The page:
Arkansas exempts the first $6,000 of a servicemember’s income. No eligible reservations in the state
California specifically exempts all Native Americans who live on reservation land from their state income tax, but unless a California resident servicemember files that DD 2058-2 state income tax will probably be withheld and the individual will have to file a timely California tax return to receive his refund.
Colorado has their own set of rules, best summarized from their official FAQ page
A serviceperson who is a full-year Colorado resident who spends at least 305 days of the tax year outside of the 50 state boundary of the United States of America while stationed outside of the United States of America for active military duty may file as a nonresident on their Colorado income tax return. The serviceperson’s spouse may also file as a nonresident if they accompany the serviceperson outside of the country for at least 305 days of the tax year while they are stationed there on active military duty. A serviceperson or their spouse who meets the above criteria to file as a nonresident is not required to do so and may continue to file as a Colorado resident if they wish.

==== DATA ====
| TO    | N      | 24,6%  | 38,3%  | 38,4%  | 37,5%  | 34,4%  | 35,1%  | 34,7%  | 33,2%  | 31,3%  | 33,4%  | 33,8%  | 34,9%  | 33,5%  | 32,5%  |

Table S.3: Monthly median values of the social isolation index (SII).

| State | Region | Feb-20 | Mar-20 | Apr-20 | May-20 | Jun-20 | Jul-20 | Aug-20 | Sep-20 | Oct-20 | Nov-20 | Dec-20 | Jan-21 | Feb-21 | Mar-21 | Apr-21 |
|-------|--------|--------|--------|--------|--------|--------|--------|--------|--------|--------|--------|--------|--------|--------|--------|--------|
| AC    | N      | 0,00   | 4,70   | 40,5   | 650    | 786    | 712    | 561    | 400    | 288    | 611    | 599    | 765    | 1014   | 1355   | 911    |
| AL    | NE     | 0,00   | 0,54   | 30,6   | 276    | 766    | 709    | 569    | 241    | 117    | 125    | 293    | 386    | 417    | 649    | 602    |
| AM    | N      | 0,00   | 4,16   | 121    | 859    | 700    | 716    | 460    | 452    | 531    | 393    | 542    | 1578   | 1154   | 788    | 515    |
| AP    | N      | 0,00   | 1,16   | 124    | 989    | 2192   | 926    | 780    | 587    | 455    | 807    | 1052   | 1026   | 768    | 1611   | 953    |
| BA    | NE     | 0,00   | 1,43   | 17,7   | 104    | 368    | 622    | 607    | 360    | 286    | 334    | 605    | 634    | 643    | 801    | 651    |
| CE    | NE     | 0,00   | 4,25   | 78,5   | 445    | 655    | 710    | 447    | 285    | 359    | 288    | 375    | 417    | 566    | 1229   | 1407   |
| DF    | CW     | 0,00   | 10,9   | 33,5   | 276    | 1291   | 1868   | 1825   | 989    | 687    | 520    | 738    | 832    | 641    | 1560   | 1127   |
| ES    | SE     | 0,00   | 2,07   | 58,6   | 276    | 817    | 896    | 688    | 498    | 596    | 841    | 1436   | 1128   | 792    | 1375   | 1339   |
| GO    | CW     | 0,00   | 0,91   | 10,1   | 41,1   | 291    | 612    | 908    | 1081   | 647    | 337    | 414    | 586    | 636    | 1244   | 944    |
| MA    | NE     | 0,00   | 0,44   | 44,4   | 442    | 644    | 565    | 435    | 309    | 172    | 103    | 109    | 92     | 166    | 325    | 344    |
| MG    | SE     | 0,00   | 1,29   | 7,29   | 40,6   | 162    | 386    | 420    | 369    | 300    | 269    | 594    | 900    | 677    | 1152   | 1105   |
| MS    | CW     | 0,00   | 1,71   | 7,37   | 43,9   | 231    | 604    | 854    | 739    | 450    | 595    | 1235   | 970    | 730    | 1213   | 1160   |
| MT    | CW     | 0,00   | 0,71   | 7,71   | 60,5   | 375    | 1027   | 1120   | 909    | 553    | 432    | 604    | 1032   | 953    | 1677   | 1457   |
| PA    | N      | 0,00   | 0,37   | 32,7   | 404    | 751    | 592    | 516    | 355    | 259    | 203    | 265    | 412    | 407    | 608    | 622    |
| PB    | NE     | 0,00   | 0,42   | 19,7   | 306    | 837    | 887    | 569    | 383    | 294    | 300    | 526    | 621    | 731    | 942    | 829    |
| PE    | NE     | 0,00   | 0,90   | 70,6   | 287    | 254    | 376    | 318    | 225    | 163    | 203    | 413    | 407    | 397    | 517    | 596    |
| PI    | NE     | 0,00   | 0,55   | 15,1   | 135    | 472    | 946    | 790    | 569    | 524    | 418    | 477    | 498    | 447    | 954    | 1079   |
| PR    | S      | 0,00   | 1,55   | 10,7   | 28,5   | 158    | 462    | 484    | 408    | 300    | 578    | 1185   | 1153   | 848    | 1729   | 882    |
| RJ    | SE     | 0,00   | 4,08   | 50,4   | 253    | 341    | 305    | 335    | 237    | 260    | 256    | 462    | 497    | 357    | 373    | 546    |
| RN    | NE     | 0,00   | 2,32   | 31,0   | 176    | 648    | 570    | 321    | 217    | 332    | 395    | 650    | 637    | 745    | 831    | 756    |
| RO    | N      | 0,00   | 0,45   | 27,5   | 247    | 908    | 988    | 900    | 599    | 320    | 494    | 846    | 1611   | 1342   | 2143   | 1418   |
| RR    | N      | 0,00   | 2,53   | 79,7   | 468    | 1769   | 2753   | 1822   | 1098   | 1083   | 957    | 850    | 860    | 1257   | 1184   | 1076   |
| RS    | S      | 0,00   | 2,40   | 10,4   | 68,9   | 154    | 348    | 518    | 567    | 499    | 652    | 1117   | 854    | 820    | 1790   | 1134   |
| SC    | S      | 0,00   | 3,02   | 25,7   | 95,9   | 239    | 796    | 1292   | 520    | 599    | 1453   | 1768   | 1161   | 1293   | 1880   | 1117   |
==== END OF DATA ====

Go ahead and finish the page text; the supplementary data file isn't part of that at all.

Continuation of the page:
Again, eligible servicemembers are advised to fill out that DD 2852-2.
Connecticut does provide for refunds of wrongfully withheld state income taxes under a military service exemption, at the site linked search “military” where the information about the form CT-1040NR/PY will help get the refund. As always, eligible persons are best advised to fill out that DD 2058-2 once and be done.
Delaware‘s official state website makes no mention of either Native American or military service exemption. No eligible resevations in the state.
Florida does not have a state personal income tax, so there’s no problem there.
Georgia‘s website seems to indicate that they withhold servicemembers deductions and since there are no reservations in Georgia DD 2058-2 is not applicable.
Hawaii‘s website makes no mention of either NAE or military exemption, back to DD 2058-2.
Idaho has enacted several laws regarding military and spouse’s income tax, but the DD 2058-2, as always, is the eligible Native’s best option.
Illinois does not have an agreement with the Department of Defense to withhold state income taxes from servicemembers’ pay, so there is no problem here.
Indiana excludes neither military or Native persons from state income tax liability.No eligible reservations in the state. Ironic in view of the state’s name.